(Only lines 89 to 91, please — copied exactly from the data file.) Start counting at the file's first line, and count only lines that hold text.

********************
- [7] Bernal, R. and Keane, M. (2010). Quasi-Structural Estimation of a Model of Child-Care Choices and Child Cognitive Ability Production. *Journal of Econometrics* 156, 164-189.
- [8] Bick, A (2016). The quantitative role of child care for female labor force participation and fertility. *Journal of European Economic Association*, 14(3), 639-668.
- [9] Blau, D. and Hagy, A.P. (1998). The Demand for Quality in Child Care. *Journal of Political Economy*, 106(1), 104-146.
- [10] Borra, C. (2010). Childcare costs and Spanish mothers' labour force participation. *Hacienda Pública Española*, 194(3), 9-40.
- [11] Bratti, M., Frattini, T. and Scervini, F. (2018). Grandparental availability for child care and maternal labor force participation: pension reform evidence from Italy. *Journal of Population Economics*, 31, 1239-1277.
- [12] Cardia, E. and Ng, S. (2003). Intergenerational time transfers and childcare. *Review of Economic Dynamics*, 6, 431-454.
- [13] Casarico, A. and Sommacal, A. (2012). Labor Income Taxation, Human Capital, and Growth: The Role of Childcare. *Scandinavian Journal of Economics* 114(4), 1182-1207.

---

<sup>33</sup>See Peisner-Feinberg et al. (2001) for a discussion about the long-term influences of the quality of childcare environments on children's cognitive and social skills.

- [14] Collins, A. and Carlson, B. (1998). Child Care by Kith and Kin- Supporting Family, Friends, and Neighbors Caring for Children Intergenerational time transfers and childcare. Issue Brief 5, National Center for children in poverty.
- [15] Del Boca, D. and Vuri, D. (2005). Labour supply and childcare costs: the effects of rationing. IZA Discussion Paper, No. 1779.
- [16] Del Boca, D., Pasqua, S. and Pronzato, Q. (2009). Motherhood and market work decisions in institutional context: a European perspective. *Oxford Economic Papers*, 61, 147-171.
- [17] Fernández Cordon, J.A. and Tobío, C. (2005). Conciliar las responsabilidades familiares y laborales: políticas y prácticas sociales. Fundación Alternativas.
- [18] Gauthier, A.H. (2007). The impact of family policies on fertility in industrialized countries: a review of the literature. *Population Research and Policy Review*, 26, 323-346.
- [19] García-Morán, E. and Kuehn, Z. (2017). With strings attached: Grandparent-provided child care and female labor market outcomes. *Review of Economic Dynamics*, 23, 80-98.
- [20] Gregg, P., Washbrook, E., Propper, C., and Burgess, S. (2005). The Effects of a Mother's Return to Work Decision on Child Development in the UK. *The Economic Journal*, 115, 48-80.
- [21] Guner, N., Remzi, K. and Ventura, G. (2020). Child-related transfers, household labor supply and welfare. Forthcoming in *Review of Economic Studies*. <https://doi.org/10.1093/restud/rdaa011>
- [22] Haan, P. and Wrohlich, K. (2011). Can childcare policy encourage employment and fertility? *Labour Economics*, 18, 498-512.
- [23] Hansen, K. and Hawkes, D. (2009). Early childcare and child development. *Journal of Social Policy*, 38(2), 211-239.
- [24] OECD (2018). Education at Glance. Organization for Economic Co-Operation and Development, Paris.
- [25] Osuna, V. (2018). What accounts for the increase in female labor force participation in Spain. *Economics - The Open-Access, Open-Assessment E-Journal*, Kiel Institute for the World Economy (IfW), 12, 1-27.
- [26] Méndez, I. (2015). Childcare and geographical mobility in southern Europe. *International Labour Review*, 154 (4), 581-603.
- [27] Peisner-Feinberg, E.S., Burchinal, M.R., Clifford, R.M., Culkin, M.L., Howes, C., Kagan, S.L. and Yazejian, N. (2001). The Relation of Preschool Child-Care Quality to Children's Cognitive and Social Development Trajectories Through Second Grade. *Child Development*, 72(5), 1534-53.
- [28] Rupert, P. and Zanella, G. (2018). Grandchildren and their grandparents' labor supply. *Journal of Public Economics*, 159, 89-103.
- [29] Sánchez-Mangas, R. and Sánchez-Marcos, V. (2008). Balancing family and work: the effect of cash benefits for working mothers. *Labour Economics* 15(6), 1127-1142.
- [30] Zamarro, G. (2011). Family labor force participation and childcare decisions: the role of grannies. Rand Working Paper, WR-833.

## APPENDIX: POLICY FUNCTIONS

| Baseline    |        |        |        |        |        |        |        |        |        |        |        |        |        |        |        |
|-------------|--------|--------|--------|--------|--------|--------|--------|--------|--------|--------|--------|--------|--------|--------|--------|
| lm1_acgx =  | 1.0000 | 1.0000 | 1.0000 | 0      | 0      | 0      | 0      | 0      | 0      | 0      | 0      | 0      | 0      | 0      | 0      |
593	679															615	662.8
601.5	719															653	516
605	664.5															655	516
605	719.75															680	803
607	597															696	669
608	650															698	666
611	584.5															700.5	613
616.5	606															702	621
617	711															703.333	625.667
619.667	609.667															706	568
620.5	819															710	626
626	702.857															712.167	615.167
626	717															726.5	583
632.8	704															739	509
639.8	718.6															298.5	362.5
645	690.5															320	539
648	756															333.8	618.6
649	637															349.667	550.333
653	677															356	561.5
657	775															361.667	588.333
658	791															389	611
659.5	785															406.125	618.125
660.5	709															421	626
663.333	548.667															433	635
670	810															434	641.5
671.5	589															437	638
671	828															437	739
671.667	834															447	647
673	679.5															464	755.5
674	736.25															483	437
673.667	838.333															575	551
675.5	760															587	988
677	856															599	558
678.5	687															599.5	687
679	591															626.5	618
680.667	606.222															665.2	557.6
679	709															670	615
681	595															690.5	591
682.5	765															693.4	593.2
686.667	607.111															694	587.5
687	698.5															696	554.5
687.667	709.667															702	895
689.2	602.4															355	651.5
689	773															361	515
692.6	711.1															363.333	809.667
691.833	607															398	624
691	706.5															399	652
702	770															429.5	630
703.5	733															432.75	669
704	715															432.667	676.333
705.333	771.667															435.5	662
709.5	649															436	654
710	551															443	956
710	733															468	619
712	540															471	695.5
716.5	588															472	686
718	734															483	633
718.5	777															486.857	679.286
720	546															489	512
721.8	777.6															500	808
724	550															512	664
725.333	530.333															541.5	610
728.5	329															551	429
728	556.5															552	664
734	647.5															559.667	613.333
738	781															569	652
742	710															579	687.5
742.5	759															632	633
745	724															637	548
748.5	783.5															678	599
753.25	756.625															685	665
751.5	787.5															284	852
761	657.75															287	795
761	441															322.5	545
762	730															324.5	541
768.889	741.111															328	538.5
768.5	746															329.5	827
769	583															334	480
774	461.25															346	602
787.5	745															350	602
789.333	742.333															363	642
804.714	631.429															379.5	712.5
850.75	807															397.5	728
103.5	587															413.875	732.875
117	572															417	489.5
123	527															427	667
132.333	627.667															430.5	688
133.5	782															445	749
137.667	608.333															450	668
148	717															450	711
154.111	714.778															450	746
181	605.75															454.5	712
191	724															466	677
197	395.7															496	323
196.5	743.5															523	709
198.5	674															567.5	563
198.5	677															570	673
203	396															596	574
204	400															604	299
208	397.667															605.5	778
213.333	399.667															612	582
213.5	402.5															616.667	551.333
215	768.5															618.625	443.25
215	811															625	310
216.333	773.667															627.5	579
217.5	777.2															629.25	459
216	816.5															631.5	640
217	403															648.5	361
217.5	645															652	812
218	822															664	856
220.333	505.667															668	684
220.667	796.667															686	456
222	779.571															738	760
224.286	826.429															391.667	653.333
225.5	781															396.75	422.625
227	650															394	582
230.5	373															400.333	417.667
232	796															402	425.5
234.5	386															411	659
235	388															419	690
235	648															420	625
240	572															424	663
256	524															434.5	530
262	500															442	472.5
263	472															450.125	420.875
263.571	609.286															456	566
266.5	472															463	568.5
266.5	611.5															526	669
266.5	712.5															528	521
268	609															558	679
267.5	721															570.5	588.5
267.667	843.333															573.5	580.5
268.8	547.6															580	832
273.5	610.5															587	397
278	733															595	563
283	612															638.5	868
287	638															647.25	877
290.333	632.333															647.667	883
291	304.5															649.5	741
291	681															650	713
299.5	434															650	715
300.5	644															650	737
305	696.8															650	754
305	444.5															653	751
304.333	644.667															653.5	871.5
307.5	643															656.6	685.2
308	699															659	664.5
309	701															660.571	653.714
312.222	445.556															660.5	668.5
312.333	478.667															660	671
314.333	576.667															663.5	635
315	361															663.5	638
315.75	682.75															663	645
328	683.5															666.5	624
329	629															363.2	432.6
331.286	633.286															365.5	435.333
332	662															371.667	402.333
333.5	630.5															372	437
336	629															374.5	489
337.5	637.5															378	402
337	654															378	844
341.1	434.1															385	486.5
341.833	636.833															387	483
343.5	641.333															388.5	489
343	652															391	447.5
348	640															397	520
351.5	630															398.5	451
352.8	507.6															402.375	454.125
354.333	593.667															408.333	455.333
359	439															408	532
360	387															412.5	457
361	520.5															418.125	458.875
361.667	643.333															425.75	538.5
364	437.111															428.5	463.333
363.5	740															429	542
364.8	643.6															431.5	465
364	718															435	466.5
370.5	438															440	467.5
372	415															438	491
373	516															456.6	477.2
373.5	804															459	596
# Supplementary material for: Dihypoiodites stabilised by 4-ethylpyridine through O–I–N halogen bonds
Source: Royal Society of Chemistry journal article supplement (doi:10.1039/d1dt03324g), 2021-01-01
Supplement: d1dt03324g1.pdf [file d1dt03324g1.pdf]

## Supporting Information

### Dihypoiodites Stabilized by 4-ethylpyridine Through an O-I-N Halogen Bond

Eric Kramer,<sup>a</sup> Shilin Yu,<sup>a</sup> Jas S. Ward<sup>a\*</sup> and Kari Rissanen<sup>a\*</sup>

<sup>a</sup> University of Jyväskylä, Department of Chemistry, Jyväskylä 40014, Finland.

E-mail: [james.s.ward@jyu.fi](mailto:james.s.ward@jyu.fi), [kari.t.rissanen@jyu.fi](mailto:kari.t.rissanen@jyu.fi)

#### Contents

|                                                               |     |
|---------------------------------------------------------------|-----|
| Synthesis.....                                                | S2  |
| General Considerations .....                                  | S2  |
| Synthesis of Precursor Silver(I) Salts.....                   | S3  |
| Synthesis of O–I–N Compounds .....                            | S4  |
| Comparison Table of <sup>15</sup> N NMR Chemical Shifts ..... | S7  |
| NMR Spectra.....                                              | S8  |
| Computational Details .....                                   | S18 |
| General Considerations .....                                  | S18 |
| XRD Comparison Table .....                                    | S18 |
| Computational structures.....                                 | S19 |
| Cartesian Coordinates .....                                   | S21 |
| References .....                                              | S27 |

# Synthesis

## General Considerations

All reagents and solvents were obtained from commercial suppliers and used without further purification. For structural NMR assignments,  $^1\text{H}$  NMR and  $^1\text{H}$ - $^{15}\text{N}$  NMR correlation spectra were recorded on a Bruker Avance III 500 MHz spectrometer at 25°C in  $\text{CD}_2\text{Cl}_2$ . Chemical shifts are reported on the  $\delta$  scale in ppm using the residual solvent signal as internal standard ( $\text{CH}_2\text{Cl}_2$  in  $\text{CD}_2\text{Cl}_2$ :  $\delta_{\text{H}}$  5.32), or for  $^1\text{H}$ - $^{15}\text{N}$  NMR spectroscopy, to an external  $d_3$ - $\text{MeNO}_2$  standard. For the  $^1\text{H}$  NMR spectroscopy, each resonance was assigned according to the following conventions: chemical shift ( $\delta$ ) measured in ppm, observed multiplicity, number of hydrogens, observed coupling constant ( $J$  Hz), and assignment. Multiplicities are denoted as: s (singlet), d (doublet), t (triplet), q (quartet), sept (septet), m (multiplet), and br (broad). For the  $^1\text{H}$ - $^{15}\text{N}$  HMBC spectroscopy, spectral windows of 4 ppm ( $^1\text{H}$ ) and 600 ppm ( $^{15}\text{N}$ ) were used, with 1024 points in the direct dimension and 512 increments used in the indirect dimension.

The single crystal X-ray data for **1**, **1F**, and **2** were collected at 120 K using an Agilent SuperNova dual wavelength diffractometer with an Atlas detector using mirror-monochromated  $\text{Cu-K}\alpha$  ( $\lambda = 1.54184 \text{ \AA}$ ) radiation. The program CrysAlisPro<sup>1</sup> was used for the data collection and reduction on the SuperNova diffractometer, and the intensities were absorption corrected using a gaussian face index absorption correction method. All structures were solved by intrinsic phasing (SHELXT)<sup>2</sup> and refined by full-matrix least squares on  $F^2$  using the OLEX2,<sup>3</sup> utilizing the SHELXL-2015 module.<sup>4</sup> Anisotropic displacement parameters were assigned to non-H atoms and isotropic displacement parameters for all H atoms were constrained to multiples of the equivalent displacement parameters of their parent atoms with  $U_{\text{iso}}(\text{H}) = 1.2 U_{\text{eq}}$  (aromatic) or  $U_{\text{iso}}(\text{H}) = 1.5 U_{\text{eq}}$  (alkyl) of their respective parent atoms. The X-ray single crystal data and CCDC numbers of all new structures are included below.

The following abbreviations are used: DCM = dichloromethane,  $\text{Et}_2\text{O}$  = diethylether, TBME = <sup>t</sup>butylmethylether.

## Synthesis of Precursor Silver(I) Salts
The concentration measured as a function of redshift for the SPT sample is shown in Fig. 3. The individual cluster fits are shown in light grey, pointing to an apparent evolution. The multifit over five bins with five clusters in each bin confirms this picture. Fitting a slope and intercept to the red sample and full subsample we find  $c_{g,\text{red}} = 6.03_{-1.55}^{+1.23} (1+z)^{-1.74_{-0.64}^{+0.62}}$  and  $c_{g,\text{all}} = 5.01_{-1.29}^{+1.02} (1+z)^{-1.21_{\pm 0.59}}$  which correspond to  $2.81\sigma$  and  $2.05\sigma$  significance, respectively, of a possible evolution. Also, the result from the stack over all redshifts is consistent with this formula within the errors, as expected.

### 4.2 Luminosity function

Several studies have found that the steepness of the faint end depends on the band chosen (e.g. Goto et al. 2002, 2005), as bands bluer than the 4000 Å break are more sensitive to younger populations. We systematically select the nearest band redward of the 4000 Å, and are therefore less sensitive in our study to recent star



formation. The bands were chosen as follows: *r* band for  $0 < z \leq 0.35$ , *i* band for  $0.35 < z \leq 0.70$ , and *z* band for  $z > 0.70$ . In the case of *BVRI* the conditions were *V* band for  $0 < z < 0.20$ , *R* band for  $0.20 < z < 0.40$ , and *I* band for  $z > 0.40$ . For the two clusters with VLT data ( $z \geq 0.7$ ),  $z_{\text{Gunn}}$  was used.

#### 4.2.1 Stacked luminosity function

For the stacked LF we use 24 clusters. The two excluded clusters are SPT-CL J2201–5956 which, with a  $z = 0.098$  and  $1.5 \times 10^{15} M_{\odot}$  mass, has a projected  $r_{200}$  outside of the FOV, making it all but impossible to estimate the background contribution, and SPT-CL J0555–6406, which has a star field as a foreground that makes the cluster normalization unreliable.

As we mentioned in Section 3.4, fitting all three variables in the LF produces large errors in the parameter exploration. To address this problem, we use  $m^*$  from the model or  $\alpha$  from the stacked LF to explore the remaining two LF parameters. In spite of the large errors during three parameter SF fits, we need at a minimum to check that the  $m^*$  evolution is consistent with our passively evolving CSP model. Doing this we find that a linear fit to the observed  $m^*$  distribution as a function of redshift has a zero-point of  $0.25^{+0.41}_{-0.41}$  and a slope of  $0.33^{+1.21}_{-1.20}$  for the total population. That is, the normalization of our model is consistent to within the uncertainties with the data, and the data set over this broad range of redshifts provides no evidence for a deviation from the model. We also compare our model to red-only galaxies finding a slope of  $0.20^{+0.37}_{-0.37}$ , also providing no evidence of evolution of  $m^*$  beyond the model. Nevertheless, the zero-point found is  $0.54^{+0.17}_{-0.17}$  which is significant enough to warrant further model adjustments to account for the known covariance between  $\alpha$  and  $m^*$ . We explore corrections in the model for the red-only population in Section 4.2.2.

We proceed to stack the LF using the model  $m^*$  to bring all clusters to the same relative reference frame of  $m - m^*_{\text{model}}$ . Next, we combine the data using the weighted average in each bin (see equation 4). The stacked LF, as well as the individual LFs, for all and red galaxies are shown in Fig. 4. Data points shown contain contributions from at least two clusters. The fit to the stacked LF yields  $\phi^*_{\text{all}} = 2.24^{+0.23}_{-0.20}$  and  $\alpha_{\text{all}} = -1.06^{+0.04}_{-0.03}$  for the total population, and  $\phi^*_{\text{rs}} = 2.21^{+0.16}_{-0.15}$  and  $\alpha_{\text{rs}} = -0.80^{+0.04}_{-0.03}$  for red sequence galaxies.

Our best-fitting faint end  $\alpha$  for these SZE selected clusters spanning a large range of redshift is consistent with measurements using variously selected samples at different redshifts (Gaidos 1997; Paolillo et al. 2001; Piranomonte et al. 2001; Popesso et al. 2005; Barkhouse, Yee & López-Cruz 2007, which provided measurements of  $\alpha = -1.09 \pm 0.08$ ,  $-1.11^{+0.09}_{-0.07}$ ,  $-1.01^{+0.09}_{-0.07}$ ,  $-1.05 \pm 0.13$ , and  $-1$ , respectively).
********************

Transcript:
720	546															489	512
721.8	777.6															500	808
724	550															512	664